One claim was for "wrongful death" ("WD"), which mainly means a suit for lost income. The concept of the WD suit is that, had the widow's husband not been killed, he would have continued supporting her and their children, but now he was dead, and dead men don't pay the bills.

The other claim was for conscious pain and suffering ("CPS"). The idea here is that, if the husband had survived his ordeal, he would have been able to sue the public official (and his employer) for his pain and suffering. And although he died, his pain and suffering claim did not, because the law allows the widow to sue for the deceased husband's CPS.

Now we get to the legal malpractice case. When I took the case over from the former lawyer, I noticed right away that he had made a big mistake. He had missed one of the two statutes of limitations. You see, the WD statute of limitations is not the same as the CPS statute of limitations. If you are suing a private citizen, the CPS is generally longer, three years, whereas the WD is shorter, two years. But when you sue most public officials (and their government employers), it's the opposite. The CPS statute of limitations is generally shorter (one year and ninety days) whereas the WD statute of limitations is longer (two years).

Since this case was against a public official and his governmental employer, there was a one-year-90-day statute of limitations for the CPS claim. The lawyer's mistake was in assuming it was two years. I took over the case after the year and 90 days, but before the two years.

Well, we sued out the wrongful death case in time, and settled it at trial for well over a million dollars. But the CPS claim was dismissed because it was brought too late (not my fault, but the first lawyer's).

So now what do we do about that dismissed CPS claim? After all, the widow needs the money, and is entitled to it. She just can't get it from the original wrongdoer, the public official, because she did not sue him in time. But from the ashes of the botched first case arises a phoenix: The widow can sue her first lawyer for the CPS. Why? Because he negligently deprived her of her day in court against the public official for the CPS.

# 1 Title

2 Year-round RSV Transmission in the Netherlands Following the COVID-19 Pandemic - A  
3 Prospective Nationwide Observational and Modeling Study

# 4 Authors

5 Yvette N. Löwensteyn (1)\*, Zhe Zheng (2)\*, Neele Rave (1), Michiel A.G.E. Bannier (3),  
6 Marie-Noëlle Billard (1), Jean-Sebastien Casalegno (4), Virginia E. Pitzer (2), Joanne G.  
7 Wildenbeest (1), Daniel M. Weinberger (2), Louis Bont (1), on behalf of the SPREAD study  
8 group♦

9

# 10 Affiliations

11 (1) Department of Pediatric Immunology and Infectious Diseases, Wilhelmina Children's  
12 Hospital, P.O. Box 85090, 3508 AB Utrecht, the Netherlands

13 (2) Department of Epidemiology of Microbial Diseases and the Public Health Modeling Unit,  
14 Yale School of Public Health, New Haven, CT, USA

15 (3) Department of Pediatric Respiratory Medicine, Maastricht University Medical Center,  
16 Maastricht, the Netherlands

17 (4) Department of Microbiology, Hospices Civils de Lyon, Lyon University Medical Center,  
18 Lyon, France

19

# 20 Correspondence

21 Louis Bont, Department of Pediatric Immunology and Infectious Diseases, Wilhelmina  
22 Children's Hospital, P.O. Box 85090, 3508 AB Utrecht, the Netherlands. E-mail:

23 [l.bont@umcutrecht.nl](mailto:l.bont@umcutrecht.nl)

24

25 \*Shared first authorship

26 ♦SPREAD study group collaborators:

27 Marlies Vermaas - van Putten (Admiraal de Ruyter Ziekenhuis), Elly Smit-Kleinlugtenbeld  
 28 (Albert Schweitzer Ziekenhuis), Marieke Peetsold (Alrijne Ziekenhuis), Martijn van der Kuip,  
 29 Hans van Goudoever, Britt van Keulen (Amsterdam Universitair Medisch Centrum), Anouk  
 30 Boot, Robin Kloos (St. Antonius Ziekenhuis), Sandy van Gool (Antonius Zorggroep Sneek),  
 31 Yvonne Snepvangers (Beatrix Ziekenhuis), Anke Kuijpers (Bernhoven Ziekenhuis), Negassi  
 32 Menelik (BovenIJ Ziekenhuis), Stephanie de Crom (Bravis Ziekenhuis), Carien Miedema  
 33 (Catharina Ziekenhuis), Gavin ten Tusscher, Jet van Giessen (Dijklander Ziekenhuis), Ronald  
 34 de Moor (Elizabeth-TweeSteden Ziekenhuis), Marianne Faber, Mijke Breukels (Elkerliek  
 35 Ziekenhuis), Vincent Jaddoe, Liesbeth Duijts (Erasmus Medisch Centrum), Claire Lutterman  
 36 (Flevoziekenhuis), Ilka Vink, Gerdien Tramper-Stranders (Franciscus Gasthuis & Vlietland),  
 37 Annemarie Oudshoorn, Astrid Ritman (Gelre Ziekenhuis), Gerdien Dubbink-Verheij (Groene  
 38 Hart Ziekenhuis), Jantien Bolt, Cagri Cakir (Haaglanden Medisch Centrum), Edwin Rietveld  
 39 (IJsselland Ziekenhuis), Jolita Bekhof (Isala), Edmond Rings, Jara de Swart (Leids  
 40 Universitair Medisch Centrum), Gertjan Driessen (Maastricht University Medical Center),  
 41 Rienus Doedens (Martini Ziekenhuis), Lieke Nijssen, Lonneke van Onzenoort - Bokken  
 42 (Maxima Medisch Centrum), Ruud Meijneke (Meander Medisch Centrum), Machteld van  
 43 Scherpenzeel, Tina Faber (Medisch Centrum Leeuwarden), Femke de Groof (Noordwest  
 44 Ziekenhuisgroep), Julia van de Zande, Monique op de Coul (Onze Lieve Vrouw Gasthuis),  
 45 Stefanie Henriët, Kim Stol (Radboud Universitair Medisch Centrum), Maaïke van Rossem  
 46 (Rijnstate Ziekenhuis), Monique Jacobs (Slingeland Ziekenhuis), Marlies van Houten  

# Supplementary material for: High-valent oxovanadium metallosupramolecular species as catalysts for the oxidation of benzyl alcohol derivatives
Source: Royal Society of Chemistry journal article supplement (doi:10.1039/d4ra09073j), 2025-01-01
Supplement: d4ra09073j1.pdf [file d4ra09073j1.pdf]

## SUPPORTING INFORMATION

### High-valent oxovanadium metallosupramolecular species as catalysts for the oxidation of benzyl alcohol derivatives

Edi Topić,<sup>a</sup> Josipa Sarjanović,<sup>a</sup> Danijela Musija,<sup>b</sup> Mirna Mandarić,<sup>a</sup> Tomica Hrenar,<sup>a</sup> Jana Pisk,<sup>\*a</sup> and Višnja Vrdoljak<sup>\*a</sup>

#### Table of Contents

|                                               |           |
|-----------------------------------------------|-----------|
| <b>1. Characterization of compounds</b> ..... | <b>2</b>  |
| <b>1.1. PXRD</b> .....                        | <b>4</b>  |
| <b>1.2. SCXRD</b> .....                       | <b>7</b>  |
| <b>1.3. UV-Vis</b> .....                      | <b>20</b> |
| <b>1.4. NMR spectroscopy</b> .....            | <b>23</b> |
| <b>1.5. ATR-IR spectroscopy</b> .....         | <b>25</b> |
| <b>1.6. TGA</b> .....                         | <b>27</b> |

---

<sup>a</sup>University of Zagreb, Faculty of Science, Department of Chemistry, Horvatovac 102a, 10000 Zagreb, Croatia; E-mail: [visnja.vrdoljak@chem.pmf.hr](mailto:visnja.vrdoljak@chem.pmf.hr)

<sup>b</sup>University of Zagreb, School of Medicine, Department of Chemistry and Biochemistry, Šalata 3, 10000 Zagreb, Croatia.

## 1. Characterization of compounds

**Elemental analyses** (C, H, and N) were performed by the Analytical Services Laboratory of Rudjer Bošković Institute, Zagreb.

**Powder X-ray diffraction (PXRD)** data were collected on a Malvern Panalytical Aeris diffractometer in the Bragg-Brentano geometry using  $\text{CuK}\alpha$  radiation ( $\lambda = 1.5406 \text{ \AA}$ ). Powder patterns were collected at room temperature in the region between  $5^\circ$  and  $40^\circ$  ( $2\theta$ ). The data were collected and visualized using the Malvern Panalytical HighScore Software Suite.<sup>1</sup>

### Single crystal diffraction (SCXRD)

Don't worry too much about the first lawyer; like most lawyers, he has malpractice insurance. Will the insurance pay the widow? Sure, because she's got a very strong malpractice case against the insured lawyer. It's strong because when a lawyer misses a statute of limitations, as this one did, he is automatically guilty of negligence. Just about the only way such a lawyer can beat a legal malpractice claim is by arguing that his mistake was harmless.

How could blowing the statute of limitations be harmless? Here's how: If the widow would have lost the case against the public official at trial because the case had no merit, then it doesn't matter that the lawyer blew the statute of limitations. The claim was doomed to die at trial anyway. In other words, if the lawyer blew the statute of limitations on a dead-end claim, then the widow has a dead-end legal malpractice case. Fair enough!

But (thankfully) that's not the case here. In this case it is clear to me that the widow would have won her CPS claim at trial against the public official, and for a substantial amount of money. And that means the lawyer's insurance carrier will have to pay the widow a substantial amount of money. And there's a word for that: Justice.

Keep safe!

Mike Bersani

Email me at: bersani@michaels-smolak.com I'd love to hear from you!

Michael G. Bersani, Esq.
michaels-smolak.com
Central & Syracuse NY Legal Malpractice Lawyers